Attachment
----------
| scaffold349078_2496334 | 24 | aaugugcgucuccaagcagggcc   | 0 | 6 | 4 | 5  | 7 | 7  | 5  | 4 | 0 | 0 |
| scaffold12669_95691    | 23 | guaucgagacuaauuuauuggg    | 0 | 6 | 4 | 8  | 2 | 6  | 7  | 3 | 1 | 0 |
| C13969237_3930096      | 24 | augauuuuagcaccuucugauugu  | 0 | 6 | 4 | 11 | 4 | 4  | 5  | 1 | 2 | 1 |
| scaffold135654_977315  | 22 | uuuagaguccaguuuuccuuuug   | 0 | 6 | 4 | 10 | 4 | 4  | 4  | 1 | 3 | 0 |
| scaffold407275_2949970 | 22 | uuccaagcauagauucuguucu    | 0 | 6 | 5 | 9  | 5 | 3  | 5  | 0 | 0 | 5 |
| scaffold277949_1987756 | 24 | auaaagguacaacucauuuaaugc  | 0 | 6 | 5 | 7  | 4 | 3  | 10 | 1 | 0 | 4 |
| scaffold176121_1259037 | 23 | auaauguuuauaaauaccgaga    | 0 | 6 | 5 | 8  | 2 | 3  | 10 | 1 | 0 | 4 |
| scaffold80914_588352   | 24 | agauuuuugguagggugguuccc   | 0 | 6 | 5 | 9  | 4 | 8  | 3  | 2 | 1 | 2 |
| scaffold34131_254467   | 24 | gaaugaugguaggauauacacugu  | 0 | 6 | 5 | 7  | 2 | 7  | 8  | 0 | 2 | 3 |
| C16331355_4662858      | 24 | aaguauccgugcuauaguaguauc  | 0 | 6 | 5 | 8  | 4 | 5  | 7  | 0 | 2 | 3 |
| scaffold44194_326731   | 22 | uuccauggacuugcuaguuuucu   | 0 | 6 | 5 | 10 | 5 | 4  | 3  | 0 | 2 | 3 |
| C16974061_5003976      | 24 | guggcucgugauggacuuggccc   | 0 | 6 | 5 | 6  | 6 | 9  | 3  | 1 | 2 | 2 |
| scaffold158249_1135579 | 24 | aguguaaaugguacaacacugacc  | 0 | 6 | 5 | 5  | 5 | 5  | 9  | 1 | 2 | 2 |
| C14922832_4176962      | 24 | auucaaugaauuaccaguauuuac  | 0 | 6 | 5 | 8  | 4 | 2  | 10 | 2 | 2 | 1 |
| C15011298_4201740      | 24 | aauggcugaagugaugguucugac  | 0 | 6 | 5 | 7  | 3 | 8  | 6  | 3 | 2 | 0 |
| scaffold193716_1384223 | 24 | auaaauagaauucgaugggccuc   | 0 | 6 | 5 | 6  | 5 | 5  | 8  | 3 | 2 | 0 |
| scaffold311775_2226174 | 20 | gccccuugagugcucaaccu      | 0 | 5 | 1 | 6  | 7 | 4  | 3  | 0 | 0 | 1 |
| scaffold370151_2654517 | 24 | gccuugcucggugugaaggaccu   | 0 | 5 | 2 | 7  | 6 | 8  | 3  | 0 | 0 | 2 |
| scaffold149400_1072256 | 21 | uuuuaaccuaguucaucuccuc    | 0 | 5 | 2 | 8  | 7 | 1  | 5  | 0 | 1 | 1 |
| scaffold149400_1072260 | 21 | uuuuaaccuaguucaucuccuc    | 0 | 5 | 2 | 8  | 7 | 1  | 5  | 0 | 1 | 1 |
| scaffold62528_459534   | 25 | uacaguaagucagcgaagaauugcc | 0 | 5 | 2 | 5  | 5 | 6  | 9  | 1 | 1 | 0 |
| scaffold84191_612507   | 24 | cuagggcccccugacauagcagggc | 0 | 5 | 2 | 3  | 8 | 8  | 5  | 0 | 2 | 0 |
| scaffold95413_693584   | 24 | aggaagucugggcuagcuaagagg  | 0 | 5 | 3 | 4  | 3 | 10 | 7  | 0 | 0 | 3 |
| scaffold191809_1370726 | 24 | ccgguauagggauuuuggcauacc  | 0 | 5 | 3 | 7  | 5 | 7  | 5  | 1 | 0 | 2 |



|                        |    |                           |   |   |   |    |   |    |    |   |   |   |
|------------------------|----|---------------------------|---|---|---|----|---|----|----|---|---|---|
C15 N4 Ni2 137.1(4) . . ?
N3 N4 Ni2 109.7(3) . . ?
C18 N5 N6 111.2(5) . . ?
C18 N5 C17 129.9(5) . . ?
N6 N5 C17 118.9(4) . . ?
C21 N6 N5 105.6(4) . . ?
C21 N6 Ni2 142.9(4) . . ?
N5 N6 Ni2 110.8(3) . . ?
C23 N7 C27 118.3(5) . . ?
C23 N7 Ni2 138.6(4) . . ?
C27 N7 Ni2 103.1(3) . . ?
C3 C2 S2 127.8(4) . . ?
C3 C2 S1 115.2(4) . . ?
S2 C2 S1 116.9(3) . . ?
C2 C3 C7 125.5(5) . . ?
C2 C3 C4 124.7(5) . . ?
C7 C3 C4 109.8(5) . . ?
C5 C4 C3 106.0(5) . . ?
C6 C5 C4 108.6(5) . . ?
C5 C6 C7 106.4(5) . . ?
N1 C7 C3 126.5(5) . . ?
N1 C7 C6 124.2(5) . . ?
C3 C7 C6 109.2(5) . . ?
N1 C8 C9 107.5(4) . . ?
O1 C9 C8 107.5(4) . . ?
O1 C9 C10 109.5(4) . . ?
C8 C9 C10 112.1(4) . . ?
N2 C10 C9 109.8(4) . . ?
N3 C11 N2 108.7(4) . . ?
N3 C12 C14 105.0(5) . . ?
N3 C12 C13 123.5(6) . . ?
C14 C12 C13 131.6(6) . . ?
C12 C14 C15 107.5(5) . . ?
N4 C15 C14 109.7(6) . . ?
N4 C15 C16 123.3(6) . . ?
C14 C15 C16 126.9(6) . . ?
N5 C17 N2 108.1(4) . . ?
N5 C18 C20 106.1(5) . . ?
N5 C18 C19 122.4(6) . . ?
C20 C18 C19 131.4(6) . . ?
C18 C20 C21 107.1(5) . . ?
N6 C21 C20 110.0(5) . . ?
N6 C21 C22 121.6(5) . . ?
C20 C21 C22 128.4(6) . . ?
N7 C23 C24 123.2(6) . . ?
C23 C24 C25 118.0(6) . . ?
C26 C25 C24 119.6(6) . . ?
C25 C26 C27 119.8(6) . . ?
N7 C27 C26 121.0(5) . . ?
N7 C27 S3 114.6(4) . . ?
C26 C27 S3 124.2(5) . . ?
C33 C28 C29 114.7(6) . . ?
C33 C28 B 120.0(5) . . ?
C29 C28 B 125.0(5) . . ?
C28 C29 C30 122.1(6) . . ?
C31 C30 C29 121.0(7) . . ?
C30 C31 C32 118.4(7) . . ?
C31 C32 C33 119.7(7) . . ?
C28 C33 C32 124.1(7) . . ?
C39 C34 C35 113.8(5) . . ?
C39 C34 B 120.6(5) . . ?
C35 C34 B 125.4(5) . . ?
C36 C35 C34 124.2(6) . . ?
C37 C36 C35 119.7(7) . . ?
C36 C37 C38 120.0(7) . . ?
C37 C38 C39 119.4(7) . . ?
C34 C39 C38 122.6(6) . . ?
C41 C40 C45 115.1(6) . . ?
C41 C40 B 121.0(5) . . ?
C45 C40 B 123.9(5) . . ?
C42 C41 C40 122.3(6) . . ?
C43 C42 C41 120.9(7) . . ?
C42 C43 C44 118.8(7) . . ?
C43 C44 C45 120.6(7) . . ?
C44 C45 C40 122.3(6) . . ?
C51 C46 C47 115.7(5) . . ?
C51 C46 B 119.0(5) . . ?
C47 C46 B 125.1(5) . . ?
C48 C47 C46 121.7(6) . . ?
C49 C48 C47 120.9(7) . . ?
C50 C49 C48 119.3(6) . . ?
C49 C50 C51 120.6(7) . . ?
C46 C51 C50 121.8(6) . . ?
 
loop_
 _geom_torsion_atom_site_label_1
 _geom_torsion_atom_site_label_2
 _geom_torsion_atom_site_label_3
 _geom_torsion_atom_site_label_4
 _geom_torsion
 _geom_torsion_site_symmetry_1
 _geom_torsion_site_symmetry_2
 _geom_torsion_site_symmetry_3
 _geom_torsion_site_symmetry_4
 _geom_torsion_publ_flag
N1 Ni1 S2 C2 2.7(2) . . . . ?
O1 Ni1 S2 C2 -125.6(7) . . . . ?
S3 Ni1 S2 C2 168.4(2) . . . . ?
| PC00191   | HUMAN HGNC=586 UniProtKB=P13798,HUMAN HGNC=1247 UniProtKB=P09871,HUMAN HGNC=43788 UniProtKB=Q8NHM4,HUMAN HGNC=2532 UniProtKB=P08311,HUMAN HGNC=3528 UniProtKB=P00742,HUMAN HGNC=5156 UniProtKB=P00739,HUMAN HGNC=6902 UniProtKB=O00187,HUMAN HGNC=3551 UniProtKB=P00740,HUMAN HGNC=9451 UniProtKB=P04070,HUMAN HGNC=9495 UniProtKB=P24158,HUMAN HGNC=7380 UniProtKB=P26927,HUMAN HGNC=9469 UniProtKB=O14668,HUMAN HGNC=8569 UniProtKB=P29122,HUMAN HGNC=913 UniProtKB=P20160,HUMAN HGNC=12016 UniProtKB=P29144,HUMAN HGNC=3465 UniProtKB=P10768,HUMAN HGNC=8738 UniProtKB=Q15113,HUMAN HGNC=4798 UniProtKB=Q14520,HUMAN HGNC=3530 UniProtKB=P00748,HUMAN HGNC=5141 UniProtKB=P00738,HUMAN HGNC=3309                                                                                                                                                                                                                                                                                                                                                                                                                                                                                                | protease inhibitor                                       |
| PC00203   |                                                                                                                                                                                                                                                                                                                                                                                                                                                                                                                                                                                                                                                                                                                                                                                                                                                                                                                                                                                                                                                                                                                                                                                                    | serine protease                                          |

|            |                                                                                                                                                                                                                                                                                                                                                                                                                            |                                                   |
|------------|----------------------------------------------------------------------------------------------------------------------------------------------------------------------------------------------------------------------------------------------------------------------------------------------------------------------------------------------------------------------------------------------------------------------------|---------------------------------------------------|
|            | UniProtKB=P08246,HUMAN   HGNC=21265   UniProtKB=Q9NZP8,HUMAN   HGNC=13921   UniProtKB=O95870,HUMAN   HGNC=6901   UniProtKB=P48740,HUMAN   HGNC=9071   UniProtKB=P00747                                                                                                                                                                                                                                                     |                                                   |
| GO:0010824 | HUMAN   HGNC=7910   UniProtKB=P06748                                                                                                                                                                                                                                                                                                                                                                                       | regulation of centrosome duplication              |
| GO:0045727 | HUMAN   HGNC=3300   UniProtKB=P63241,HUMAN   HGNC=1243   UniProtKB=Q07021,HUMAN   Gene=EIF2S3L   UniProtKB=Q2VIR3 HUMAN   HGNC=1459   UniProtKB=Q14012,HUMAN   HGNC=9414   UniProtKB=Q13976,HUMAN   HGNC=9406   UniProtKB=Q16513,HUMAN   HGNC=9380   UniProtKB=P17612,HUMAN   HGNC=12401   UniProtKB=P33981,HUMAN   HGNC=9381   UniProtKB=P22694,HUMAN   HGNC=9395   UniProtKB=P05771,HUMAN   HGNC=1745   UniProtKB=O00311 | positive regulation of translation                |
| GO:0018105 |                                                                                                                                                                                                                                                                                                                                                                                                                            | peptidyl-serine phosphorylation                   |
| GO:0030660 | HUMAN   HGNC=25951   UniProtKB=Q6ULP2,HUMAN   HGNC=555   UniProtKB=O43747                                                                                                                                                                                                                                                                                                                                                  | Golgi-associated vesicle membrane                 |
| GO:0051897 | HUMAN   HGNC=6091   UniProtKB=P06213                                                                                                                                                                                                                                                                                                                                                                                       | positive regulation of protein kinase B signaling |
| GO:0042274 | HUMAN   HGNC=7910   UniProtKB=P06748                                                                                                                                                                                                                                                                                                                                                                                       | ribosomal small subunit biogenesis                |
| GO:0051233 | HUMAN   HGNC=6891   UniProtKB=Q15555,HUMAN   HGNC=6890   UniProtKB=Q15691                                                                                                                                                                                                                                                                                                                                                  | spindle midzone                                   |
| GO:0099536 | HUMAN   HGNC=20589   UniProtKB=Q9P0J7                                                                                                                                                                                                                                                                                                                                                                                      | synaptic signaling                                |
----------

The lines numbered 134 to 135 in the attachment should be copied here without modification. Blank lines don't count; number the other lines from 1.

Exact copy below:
| GO:0042274 | HUMAN   HGNC=7910   UniProtKB=P06748                                                                                                                                                                                                                                                                                                                                                                                       | ribosomal small subunit biogenesis                |
| GO:0051233 | HUMAN   HGNC=6891   UniProtKB=Q15555,HUMAN   HGNC=6890   UniProtKB=Q15691                                                                                                                                                                                                                                                                                                                                                  | spindle midzone                                   |